‘It ruined the whole experience’. Have we heard that? Someone describing an event in a very positive manner and all of a sudden, something occurs in the story which ruins the storyteller’s experience. One can think of – if it was the experience that was ruined – or if it was the memory of the experience.

Daniel Kahneman Nobel laureate in 2002 for his work within behavioural economics and decision-making definitely claims that it is the memory of the experience that is ruined – not the experience.

Mr Kahneman makes a distinction between the ‘experiencing self’ and the ‘remembering self’ that affects a lot of things in our daily lives and especially how we conduct surveys and pose questions in the surveys.  Many business decisions are based upon facts from surveys. What if some of them are wrong just due to inaccuracy in how we use our language?

To survive in the 21st Century from all the bombardment of messages, commercials and PowerPoint presentations etc. we learn how to temporarily shut down our senses at given times.  So what is happening when we develop a language, which is inaccurate, and deteriorate our ability to experience with our senses, i.e. to be present in the present?

We very often use ‘feelings’ almost as a synonym with ‘experiences’ when we probably mean ’emotions, tactility or state of minds’. Do we also misuse experiences when we really mean memories?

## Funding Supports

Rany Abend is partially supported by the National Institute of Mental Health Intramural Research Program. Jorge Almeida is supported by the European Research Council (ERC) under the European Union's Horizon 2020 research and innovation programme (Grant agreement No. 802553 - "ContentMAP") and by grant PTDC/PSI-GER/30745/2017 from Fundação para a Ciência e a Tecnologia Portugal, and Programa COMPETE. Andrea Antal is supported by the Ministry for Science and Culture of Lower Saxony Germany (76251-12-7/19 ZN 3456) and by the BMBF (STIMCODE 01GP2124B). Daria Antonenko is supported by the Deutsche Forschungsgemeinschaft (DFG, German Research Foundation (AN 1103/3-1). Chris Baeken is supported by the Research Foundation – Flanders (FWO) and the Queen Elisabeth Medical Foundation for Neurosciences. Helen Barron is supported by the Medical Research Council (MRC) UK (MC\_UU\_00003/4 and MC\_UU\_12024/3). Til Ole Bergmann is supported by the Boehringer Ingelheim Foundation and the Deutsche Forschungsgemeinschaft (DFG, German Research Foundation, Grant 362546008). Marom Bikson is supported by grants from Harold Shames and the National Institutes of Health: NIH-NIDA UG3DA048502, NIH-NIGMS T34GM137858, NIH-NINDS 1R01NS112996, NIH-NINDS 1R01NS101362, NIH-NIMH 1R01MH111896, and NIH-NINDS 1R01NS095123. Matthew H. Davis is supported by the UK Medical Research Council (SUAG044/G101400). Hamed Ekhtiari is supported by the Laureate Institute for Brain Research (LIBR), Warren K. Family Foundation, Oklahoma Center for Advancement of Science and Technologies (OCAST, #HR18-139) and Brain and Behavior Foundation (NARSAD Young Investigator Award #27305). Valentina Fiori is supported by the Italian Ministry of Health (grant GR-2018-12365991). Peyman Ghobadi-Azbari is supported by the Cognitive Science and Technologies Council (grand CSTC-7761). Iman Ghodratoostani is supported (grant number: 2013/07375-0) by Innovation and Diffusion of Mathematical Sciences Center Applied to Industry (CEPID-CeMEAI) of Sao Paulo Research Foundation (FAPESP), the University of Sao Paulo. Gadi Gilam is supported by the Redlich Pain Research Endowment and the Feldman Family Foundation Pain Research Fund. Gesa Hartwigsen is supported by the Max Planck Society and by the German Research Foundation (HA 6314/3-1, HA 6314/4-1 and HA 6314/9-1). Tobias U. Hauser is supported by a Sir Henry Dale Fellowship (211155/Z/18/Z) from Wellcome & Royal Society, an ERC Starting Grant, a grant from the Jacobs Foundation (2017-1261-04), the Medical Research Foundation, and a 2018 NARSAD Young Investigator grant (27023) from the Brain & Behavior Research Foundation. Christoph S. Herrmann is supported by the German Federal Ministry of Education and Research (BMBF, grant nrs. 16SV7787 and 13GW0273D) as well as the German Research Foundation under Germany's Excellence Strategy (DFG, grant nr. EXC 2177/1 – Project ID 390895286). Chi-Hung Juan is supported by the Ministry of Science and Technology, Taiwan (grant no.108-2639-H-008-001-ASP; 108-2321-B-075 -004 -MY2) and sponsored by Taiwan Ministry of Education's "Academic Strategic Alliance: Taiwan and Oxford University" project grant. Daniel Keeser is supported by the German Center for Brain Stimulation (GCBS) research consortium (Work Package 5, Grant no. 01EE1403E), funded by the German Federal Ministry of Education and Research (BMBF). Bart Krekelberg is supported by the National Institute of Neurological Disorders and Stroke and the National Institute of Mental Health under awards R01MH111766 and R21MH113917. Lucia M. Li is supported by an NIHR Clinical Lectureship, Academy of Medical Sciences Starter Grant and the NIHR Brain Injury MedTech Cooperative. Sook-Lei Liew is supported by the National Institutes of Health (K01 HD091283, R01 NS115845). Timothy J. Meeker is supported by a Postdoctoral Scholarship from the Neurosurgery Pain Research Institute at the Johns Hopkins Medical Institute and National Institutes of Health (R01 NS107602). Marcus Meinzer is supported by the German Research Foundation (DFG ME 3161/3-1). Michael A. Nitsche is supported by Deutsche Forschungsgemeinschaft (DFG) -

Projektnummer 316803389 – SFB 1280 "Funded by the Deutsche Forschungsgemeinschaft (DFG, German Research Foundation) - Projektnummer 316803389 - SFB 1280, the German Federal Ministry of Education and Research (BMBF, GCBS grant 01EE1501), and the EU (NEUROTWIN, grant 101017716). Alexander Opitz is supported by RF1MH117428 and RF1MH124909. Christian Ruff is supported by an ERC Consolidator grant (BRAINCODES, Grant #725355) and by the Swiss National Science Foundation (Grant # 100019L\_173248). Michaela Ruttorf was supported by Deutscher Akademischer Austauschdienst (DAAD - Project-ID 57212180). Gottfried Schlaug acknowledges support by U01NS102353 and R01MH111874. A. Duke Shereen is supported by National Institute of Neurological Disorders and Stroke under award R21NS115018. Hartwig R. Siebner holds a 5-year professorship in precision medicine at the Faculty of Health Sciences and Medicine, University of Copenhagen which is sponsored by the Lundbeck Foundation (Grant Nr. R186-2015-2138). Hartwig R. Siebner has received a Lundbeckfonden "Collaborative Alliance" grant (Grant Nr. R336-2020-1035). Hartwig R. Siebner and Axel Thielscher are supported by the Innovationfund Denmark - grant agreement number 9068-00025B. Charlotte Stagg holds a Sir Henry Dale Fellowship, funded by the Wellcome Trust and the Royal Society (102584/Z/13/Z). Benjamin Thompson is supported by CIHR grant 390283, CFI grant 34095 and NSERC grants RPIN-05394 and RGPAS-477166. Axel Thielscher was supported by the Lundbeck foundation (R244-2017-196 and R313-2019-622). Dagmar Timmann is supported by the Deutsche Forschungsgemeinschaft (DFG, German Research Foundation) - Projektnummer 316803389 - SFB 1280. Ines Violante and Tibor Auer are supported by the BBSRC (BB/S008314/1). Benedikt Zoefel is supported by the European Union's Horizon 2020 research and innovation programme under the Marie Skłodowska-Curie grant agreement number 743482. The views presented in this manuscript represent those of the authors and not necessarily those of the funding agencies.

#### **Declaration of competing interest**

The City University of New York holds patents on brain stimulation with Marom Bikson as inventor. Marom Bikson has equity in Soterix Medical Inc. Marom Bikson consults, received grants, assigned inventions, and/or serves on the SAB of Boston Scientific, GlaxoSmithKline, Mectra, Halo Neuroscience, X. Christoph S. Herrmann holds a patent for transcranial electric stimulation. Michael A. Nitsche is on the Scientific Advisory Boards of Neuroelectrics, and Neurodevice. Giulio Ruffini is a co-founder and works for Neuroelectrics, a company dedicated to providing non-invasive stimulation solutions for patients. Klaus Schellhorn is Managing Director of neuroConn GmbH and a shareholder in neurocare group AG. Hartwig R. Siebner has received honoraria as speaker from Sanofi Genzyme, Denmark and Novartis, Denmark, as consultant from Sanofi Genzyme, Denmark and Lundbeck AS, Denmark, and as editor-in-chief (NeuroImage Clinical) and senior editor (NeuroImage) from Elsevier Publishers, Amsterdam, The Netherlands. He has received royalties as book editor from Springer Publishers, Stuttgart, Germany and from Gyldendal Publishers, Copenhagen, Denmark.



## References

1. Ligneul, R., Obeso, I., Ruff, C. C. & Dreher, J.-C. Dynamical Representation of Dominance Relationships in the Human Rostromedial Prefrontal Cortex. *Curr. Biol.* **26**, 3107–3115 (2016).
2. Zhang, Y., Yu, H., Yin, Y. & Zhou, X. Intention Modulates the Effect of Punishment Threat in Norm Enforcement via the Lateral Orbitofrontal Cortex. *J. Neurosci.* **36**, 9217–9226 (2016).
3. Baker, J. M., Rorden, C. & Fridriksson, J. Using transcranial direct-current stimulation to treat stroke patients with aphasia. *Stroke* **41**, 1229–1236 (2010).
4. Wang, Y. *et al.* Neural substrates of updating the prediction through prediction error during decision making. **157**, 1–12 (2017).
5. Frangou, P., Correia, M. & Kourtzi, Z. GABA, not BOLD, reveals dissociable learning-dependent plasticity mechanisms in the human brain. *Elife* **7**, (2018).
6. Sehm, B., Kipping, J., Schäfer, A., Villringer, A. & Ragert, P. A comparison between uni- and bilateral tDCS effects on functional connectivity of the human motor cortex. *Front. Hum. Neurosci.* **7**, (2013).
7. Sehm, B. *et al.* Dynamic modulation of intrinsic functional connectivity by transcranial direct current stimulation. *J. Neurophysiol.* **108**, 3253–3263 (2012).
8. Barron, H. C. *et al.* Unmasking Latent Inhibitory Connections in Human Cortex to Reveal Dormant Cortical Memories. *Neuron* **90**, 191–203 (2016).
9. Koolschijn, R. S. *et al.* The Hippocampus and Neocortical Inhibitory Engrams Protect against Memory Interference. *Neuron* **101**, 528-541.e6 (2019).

Please judge for yourself in this TED talk with Daniel Kahneman and reflect on why we put so much weight on memory relative to the weight on experiences?

Measuring the immeasurable…

Is an experience objective? Probably not. Is it subjective? Probably yes. Is an experience both conscious and unconscious? Definitely. Why do we then strive to measure experiences as if they were objective and only conscious?

Some lines of businesses, most often defined as ‘new’ (even though some are really old) try to make themselves leveled up with more tradtional lines of businesses, by measuring everything. E.g. the event industry, which paradoxically sometimes is referred to as the experience industry is at the moment probing different techniques for measuring the output of its work. In other words – they try to measure experiences.

In Buyology (truth and lies about why we buy) Martin Lindstrom states that we as emotional creatures, are driven by our unconscious mind in our decision making with up to 85%. Martin Lindstrom is not the only person expressing these thoughts. The question which is quite riveting is thus; Why do probably 100% of all our research (especially marketing surveys) rely on conscious research techniques?

Maybe it’s time to sing a song of praise to our subjective experiences, experienced with our senses – and rely upon them?

Presupposition # 13 – Mindsets

Most of the discussion today regarding if a car is environmentally friendly or phrased in another way, if a car affects the enviroment more or less, concentrates on what kind of fuel the car use. Of course this is of great importance but howcome we almost not at all discuss the footprint the cars have if you look at the life cycle costs?